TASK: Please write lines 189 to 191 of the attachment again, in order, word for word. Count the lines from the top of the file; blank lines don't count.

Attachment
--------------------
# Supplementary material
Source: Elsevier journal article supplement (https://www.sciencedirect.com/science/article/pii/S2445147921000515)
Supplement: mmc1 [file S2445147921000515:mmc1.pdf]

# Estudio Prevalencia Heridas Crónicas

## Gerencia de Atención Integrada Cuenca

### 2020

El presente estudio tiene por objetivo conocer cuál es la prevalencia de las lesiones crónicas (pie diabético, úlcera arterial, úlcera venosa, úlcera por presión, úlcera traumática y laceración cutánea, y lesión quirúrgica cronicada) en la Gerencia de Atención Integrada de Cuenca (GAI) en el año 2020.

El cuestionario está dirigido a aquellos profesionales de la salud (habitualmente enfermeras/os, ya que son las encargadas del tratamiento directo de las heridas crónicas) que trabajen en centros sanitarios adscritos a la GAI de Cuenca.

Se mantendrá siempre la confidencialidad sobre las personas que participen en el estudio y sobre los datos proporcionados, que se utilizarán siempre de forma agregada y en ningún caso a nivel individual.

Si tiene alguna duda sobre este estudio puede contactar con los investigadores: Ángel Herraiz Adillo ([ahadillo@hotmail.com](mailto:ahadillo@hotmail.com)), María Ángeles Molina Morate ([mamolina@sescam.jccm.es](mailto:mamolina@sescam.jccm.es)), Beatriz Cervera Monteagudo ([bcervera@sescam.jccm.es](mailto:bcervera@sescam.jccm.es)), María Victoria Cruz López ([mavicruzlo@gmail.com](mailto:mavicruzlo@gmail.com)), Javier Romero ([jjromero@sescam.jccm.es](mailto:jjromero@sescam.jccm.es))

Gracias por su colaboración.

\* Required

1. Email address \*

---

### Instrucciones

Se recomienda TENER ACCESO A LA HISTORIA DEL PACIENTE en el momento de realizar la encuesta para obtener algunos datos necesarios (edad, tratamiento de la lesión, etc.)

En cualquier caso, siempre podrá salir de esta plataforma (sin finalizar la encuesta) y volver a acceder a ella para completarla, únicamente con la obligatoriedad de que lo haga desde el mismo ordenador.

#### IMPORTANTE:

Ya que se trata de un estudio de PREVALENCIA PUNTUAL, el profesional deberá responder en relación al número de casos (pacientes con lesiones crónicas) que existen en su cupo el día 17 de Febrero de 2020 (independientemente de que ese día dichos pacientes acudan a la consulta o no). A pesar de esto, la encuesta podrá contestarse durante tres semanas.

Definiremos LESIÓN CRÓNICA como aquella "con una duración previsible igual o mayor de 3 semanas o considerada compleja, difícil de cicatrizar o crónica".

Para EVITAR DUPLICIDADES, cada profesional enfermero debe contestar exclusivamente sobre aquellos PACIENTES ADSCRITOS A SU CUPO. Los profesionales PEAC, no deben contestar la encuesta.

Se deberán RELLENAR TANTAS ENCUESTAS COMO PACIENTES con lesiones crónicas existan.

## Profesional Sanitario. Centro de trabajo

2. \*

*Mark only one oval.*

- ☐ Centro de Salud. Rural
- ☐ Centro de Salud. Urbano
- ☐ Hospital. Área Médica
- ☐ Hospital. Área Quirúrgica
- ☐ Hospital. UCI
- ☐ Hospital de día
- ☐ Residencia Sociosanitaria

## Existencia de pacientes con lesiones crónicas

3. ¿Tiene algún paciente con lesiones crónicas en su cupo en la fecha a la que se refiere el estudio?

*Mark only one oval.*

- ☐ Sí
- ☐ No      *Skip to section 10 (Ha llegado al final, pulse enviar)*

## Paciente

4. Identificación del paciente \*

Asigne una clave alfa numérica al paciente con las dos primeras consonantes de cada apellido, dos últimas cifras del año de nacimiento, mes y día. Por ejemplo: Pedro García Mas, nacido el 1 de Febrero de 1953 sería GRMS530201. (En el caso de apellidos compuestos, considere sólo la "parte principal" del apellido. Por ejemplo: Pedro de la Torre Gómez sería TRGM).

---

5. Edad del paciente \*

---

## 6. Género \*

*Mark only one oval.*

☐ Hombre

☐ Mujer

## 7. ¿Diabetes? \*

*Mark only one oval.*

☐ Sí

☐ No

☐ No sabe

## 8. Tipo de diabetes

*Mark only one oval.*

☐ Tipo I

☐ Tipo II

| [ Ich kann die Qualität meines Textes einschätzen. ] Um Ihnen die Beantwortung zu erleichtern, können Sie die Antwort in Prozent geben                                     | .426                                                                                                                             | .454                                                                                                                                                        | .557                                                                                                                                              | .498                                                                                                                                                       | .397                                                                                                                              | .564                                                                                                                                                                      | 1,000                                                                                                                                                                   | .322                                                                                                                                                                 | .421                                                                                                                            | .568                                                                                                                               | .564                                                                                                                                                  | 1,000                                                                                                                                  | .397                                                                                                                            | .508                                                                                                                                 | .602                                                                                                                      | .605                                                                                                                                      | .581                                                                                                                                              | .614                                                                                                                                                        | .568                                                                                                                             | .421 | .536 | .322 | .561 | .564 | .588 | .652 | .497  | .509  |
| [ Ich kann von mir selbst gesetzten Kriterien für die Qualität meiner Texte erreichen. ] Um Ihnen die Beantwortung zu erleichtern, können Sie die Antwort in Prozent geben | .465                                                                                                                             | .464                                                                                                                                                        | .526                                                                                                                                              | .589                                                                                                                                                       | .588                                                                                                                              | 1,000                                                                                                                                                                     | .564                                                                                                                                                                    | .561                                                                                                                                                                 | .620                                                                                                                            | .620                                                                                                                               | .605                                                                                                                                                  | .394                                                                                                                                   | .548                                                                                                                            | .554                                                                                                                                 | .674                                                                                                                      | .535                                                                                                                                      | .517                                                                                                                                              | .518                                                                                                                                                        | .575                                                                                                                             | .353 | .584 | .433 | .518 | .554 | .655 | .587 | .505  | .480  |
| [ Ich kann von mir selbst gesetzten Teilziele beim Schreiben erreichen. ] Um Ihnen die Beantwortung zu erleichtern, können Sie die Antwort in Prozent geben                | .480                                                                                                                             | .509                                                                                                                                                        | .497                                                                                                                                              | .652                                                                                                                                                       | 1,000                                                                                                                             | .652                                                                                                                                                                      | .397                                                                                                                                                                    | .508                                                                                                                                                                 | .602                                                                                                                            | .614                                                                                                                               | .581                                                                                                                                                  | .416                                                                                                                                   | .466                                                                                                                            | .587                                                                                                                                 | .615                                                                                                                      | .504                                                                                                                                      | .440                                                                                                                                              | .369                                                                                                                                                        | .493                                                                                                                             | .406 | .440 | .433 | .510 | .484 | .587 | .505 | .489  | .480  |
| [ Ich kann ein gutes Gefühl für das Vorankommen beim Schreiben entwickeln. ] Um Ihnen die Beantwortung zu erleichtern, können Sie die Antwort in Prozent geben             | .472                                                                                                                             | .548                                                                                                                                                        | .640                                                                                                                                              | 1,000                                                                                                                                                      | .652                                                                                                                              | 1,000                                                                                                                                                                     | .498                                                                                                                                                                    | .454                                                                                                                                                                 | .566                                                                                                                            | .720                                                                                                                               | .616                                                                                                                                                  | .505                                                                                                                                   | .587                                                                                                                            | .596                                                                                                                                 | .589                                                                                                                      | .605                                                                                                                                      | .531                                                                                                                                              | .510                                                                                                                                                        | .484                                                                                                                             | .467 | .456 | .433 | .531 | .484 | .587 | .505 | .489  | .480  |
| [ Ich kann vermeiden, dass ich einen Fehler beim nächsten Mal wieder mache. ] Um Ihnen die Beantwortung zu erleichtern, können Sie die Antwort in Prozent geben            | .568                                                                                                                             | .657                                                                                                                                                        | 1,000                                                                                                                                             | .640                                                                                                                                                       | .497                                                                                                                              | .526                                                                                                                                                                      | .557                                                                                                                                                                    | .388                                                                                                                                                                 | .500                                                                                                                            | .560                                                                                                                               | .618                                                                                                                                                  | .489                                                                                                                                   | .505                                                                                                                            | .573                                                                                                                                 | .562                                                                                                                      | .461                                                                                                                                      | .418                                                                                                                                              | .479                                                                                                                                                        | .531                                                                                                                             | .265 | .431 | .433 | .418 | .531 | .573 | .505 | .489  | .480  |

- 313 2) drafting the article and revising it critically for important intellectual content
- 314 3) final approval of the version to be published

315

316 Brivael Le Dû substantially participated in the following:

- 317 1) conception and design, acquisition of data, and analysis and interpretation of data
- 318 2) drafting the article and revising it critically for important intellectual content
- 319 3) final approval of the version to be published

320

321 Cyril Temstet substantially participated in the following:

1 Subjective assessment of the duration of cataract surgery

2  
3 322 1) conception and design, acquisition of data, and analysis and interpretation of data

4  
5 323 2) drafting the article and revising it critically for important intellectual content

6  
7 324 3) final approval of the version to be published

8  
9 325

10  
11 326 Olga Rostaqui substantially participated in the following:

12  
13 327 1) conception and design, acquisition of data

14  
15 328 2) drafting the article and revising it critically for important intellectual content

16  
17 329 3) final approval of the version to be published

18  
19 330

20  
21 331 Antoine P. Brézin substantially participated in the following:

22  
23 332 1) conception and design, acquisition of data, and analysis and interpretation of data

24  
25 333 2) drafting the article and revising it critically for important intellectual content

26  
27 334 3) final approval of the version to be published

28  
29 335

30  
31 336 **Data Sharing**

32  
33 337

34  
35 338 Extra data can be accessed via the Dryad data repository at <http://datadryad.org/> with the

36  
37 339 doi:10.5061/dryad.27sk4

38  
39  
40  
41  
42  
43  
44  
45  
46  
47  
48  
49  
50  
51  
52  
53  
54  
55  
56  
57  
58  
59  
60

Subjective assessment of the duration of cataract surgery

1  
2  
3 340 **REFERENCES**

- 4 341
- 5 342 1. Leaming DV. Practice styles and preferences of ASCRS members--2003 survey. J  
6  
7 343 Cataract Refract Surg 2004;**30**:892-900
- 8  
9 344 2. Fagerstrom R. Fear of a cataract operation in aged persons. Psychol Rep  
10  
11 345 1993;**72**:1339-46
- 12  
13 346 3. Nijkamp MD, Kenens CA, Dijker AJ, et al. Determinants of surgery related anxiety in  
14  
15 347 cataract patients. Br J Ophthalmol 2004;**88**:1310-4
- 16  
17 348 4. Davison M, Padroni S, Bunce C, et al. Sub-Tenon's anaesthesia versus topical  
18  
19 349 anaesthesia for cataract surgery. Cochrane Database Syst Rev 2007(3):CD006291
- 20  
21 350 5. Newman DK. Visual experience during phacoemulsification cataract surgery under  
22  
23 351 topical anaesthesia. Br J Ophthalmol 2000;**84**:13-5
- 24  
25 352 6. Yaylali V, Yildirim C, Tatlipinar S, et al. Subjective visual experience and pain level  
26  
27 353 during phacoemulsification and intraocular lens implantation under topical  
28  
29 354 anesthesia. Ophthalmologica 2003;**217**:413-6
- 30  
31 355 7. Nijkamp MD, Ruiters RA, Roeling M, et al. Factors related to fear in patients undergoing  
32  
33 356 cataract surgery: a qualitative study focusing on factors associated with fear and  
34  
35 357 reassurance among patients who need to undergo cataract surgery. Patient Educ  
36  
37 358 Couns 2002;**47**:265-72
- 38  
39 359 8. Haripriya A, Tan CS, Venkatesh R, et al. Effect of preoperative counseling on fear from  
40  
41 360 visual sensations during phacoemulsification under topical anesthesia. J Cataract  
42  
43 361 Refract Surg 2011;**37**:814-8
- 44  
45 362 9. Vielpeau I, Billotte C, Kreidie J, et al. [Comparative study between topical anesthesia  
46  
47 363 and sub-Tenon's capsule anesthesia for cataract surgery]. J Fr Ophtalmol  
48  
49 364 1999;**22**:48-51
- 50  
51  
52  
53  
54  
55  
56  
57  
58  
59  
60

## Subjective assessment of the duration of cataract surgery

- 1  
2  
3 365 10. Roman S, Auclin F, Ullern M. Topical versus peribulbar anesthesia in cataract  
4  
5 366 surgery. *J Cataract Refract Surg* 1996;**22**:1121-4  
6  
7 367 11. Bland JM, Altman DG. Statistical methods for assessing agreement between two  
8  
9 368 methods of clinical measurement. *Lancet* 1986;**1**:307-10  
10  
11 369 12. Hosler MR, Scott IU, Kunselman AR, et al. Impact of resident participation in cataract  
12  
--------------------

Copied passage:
58  
59  
60